Personal injury cases are complicated and may take time to settle. Medical record retrieval and medical chart review are essential requirements to produce the evidence of injury or illness. Those cases that don’t settle before trial are decided in the state trial courts, where a jury may pronounce a verdict for the injured plaintiff that fairly compensates for injuries caused by the negligence of the defendant. On the other hand, sometimes the defendant may convince the court to dismiss the plaintiff’s case before a jury even gets to see it. In cases going for trial, the jury verdict or judge’s order may be in favor of either the plaintiff or the defendant. The party appealing against the verdict becomes the appellant and the appellate process starts when their attorney files a notice of appeal.
Whether the appeal concerns a judge’s order or a final judgment of the jury, the appeals court reviews the court proceedings for any errors of law. In the appeals court finds an error that contributed to the trial court’s decision, the former will reverse that decision. Both plaintiff and defendant attorneys submit briefs to the court and they may be granted oral argument.
- Opportunity for further appeals are limited once the appeals court has made its decision.
- An appeal process does not involve a jury; the lawyers do not present witnesses or other forms of evidence.
- The appeals court will accept the facts as they were revealed in the trial court, provided no factual findings are against the evidence.
- An appeal is heard by several judges at once and the number of judges depends on the jurisdiction.
- While at the initial appeals court level, courts may have three to a few dozen judges, on the larger courts the full number of judges seldom hear claims together. Appeals are typically heard by panels comprising three judges. The full court may decide to grant a motion for rehearing wherein all the judges on the appeals court hear the case together and issue a new decision.
The appeals process can be tedious and time-consuming, and it may take up to two or three years to get a ruling. This ruling can:
- Affirm the lower court’s decision
- Reverse the lower court’s decision
- Send the case back for further proceedings
It is important for injured plaintiffs to know that their personal injury award may be reduced or even overturned at the appellate court level. It is always possible for the appellate court to decide that causation has not been established between the appellant’s (defendant’s) breach and the plaintiff’s injuries. For instance, in a case involving liability of an employer, liability will only attach for a breach of duty in circumstances where it is found to have caused the incident. Thus, there is a chance for both plaintiffs and defendants to have the decision of the trial court overturned by the appeals court.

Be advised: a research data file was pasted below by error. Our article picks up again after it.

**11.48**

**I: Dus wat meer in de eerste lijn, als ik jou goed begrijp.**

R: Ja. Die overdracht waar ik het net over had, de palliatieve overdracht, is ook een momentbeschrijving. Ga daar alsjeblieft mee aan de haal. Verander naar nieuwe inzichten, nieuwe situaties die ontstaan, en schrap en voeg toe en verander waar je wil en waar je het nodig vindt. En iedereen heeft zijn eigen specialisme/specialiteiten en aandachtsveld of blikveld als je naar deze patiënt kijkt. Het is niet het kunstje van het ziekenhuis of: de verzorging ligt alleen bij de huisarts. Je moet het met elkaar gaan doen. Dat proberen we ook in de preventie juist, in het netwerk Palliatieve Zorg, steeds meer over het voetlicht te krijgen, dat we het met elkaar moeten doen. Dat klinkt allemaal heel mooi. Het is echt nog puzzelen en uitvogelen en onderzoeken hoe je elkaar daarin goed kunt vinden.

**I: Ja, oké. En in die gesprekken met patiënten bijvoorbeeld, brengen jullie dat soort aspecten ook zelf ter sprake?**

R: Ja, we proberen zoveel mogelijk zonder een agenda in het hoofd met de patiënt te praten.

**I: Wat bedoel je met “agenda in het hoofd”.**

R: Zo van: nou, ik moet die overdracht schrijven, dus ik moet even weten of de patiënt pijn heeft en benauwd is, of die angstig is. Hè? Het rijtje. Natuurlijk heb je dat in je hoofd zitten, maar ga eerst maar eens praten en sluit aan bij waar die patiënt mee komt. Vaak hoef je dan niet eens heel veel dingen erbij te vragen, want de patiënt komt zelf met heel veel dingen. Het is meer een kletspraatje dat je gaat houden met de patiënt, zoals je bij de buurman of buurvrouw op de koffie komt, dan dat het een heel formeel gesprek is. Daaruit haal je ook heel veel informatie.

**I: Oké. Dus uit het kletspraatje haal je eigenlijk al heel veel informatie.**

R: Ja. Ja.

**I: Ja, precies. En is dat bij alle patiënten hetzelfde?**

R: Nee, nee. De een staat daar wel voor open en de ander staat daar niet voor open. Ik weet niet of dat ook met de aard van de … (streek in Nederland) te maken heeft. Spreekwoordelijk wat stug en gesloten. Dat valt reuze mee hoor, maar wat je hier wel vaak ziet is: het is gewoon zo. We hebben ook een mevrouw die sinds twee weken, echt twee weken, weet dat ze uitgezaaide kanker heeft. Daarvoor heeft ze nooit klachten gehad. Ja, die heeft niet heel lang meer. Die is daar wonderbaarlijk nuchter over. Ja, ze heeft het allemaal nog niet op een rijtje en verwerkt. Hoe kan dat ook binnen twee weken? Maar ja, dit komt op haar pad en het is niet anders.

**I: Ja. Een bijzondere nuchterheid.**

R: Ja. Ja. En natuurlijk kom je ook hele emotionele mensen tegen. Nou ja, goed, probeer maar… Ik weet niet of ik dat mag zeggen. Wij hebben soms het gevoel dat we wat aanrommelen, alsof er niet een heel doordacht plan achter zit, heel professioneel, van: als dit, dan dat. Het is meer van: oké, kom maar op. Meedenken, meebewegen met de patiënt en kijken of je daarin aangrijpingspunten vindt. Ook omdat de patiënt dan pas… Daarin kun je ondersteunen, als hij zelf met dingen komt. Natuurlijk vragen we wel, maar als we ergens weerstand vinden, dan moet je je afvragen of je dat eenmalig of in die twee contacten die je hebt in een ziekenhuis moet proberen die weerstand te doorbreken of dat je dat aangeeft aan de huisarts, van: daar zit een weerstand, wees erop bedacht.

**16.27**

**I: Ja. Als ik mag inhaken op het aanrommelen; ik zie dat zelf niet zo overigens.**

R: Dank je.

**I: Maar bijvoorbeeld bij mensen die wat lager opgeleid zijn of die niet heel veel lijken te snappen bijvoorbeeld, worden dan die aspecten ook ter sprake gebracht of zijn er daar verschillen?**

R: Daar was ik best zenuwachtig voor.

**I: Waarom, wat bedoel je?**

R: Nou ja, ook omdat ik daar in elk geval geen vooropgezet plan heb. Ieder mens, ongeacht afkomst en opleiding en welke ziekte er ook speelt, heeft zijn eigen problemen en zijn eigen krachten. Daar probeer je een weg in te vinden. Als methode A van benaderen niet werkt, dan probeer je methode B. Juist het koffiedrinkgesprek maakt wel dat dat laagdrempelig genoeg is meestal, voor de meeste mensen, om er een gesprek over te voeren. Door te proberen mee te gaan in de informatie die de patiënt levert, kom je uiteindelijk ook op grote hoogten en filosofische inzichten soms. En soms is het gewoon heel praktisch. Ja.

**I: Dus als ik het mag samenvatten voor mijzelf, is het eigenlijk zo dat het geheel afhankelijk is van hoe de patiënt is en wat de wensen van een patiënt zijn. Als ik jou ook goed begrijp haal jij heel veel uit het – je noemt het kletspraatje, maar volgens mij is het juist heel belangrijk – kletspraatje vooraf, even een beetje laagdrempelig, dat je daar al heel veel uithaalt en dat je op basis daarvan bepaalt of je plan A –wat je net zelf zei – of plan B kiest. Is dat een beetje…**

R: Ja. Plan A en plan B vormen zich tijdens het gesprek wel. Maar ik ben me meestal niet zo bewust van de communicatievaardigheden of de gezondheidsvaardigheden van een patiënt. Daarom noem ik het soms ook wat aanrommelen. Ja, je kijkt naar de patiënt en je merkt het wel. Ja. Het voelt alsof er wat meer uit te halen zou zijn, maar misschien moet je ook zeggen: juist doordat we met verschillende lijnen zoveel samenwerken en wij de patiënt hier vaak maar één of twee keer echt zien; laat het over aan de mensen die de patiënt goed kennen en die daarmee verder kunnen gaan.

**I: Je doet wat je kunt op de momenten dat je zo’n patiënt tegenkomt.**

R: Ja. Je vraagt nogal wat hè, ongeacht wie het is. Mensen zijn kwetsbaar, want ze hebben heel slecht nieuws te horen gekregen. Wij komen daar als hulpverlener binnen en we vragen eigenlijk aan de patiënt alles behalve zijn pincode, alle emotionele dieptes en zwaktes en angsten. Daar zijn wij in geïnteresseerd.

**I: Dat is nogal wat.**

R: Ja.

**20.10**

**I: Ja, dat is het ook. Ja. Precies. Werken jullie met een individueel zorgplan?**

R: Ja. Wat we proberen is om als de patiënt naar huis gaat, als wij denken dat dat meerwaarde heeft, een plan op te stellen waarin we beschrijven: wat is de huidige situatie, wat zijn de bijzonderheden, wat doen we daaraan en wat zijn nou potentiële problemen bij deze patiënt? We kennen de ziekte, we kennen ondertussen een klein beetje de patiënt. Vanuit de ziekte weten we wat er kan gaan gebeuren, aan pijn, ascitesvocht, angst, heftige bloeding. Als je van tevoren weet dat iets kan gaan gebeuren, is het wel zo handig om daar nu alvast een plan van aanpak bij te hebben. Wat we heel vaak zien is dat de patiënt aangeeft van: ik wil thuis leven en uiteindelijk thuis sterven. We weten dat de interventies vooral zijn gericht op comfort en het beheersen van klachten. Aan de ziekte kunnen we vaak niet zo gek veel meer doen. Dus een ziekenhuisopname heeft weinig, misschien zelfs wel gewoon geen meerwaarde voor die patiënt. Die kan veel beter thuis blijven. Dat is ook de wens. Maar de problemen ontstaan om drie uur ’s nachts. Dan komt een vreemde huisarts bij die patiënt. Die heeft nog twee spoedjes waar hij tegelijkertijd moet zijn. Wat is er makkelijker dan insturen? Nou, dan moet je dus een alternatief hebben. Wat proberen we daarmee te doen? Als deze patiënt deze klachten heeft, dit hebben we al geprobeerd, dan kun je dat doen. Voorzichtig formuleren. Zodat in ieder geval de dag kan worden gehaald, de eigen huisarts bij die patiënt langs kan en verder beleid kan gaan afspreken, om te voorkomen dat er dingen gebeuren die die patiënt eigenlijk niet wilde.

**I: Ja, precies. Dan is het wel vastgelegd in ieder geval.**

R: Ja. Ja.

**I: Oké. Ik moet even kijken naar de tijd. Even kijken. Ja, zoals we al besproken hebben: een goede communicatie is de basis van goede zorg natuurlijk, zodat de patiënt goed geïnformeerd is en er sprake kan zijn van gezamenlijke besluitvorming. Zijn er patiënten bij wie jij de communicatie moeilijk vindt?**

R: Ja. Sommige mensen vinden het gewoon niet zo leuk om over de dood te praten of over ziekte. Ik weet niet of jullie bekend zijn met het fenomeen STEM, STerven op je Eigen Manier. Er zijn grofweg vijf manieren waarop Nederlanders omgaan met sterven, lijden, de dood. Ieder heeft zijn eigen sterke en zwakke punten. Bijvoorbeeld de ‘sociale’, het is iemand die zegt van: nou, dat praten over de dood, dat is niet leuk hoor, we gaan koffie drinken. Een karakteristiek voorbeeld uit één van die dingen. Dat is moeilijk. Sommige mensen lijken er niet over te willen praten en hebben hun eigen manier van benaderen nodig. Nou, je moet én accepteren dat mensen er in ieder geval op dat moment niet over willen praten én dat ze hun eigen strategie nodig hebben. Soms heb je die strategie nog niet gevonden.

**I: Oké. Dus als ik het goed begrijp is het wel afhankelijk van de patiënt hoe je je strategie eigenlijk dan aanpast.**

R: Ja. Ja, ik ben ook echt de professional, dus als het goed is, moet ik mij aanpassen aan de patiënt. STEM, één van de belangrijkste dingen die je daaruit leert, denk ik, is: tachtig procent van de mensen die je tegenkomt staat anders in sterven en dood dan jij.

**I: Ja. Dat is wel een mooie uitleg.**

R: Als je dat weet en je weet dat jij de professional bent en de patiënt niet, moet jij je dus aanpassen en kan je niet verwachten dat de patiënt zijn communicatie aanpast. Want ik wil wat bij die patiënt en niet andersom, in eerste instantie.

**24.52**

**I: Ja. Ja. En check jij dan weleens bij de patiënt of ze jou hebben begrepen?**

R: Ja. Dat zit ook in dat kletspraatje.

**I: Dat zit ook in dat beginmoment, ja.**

The higher court that considers the appeal will be looking for an “abuse of discretion.” Typically, the higher court gives credit to the judgment of the lower court because they believe that the lower court is the best position to determine the reliability of witnesses and make other decisions about whether the jury can consider particular pieces of evidence. The higher court considers whether the error has made a difference in the outcome of the case. In other words, if the court had made a different decision on the issue in question, it must have been so significant that the jury would have reached a different conclusion.
When to Appeal
- An appeal is justified if there has been some error with gathering, using, or accepting important evidence.
- If the judge has given wrong instructions to the jury and they bring back a verdict based on those wrong instructions.
- With regard to a defendant, if the verdict awarded by the jury is quite large and virtually impossible for the defendant to pay, an appeal is justified. In this case, the defendant can file a motion for relief of judgment and appeal the case. Though this may not reverse the court’s findings, it will reduce the amount of money owned to a more realistic and legally reasonable amount.
An appeal may have different results. The court may decide to uphold the trial court’s verdict or vacate the same. In the latter case, they may send the case back for a new trial. In other cases, the court might change only the compensation awarded.
Appeals are typically rare in personal injury cases mainly due to the high standard of proof such as medical evidence obtained via a comprehensive medical records review, to demonstrate that the lower court made an error. In any case, the advice of a personal injury or appellate attorney is most important when considering filing an appeal. An attorney can tell you whether it is worthwhile to appeal and whether there is any chance of the case being reversed.